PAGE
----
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Educational technology is the use of both physical hardware and educational theoretics.
It encompasses several domains, including learning theory, computer-based training, online learning, and, where mobile technologies are used, m-learning.
In 1971, Ivan Illich published a hugely influential book called, Deschooling Society, in which he envisioned "learning webs" as a model for people to network the learning they needed.
The 1970s and 1980s saw notable contributions in computer-based learning by Murray Turoff and Starr Roxanne Hiltz at the New Jersey Institute of Technology (1973–77) and the Microelectronics Education Programme (1980–86).
Accordingly, there are several discrete aspects to describing the intellectual and technical development of educational technology: An educational technologist is someone who is trained in the field of educational technology.
Educational technology encompasses e-learning, instructional technology, information and communication technology (ICT) in education, Ed Tech, learning technology, multimedia learning, technology-enhanced learning (TEL), computer-based instruction (CBI), computer managed instruction, computer-based training (CBT), computer-assisted instruction or computer-aided instruction (CAI), internet-based training (IBT), flexible learning, web-based training (WBT), online education, digital educational collaboration, distributed learning, computer-mediated communication, cyber-learning, and multi-modal instruction, virtual education, personal learning environments, networked learning, virtual learning environments (VLE) (which are also called learning platforms), m-learning, ubiquitous learning and digital education.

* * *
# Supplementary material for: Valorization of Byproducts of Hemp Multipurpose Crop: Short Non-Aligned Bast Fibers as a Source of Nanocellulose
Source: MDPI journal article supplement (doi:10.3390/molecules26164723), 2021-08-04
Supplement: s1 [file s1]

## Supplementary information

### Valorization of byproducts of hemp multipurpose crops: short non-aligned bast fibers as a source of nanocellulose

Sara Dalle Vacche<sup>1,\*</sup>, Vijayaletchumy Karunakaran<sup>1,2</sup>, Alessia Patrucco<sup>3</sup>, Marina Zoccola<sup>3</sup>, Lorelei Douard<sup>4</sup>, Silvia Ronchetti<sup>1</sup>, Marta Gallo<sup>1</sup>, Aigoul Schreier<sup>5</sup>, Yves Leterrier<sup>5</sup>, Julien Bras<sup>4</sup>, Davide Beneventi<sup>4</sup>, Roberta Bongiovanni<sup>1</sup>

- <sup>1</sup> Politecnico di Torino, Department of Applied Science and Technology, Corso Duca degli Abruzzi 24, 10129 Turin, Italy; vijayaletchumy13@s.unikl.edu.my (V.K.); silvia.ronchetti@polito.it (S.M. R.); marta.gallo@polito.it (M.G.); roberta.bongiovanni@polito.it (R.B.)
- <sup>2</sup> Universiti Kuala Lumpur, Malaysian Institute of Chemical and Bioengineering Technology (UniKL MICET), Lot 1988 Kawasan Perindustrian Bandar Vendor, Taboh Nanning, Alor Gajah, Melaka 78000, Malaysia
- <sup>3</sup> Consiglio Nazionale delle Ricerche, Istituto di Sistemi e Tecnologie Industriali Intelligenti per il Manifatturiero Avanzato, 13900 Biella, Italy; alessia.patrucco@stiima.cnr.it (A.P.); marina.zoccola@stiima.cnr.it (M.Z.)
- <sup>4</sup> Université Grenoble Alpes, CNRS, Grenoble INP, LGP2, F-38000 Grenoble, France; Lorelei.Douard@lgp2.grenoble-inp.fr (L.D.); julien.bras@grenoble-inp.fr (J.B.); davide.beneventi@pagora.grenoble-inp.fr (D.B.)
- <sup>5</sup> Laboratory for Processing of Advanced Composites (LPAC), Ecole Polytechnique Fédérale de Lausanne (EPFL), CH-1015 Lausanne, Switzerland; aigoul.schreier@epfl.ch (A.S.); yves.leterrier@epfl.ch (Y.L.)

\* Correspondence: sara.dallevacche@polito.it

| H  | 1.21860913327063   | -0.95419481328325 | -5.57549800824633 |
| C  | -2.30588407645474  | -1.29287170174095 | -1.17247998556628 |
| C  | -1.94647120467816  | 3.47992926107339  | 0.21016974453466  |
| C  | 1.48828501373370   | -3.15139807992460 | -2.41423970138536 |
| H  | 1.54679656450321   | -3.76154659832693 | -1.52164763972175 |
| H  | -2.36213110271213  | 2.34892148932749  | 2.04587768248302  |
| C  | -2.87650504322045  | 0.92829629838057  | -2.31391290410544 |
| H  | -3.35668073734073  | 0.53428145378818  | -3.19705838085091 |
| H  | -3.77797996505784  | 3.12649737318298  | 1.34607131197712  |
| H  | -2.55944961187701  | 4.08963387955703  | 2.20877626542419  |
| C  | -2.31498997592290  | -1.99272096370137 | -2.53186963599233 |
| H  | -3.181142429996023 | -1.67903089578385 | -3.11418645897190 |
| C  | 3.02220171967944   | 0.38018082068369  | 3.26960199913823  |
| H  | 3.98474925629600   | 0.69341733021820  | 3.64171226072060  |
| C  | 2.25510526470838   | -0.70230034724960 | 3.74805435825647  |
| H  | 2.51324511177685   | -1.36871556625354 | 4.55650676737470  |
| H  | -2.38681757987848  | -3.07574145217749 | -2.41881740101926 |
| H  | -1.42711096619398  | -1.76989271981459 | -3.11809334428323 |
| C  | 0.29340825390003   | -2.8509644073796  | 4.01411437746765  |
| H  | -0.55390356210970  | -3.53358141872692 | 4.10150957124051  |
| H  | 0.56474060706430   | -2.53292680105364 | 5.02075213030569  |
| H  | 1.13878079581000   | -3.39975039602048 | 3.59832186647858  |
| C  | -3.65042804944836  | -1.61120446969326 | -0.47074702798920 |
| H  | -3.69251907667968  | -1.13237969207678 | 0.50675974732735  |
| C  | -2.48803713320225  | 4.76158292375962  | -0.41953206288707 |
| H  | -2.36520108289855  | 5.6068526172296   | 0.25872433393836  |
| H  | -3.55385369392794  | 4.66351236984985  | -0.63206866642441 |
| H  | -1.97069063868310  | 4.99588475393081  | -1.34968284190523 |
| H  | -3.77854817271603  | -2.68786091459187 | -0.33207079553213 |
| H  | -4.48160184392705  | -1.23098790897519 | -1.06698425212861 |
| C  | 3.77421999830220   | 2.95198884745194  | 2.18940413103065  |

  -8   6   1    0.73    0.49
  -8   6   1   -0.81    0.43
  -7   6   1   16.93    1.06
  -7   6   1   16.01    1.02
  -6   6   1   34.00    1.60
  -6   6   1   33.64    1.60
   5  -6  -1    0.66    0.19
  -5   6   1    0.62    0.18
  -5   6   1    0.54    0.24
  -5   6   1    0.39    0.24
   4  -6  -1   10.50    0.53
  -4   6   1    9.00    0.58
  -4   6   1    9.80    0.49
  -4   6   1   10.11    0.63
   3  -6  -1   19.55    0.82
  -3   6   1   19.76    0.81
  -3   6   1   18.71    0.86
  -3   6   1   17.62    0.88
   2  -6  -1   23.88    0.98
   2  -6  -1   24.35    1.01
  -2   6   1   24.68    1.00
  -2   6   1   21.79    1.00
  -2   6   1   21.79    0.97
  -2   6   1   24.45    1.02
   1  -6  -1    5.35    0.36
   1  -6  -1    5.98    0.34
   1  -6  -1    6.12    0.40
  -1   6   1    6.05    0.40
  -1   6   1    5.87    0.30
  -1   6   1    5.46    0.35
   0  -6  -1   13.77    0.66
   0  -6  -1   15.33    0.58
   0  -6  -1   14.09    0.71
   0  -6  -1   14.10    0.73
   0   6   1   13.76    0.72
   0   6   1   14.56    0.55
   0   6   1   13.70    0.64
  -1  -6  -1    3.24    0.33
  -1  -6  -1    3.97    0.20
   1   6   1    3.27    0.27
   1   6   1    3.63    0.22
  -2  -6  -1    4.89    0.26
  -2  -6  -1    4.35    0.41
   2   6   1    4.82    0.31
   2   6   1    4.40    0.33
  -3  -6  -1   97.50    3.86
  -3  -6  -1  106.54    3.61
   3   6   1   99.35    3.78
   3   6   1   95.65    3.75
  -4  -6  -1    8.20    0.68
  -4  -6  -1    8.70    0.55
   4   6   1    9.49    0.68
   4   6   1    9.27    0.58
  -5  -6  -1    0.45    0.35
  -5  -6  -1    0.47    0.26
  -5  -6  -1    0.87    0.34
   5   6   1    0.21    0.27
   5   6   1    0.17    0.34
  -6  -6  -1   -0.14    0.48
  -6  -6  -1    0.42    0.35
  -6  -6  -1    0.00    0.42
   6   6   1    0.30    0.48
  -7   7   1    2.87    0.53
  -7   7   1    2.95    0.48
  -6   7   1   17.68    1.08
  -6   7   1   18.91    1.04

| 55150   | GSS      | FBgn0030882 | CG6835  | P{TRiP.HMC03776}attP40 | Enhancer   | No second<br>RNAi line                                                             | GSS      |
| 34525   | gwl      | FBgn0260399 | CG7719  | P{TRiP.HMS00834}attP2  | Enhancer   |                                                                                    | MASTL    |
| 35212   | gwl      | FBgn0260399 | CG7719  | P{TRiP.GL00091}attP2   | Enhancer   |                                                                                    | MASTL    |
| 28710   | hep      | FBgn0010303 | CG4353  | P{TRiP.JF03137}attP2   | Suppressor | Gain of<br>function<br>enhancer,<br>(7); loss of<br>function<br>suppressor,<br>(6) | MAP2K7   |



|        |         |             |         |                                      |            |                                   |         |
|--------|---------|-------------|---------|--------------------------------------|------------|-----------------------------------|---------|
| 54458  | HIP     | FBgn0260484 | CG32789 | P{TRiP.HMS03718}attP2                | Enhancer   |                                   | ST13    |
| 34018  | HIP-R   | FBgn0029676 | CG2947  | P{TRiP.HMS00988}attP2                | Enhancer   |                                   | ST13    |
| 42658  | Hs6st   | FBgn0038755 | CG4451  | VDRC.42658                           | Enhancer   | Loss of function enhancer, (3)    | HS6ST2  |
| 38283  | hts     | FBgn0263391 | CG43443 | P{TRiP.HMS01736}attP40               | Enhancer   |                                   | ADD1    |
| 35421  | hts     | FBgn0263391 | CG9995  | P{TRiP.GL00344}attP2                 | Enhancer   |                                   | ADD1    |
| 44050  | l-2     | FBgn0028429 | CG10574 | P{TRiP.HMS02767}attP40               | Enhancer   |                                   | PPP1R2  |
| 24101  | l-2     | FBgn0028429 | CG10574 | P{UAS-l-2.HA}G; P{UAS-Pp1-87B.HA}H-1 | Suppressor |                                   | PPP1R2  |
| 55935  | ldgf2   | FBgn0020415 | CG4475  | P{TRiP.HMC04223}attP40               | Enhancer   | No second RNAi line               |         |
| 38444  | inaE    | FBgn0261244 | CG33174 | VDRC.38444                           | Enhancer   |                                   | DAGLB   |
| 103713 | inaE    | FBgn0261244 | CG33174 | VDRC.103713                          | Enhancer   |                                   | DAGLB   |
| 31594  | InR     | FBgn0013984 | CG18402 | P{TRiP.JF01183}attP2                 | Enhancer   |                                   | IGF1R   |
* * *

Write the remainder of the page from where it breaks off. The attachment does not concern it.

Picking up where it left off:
From their introduction, books and pamphlets have held a prominent role in education.
From the early twentieth century, duplicating machines such as the mimeograph and Gestetner stencil devices were used to produce short copy runs (typically 10–50 copies) for classroom or home use.
This work was especially popular with museum education.
Even in recent years, videoconferencing has risen in popularity to reach over 20,000 students across the United States and Canada in 2008–2009.By the mid-1980s, accessing course content became possible at many college libraries.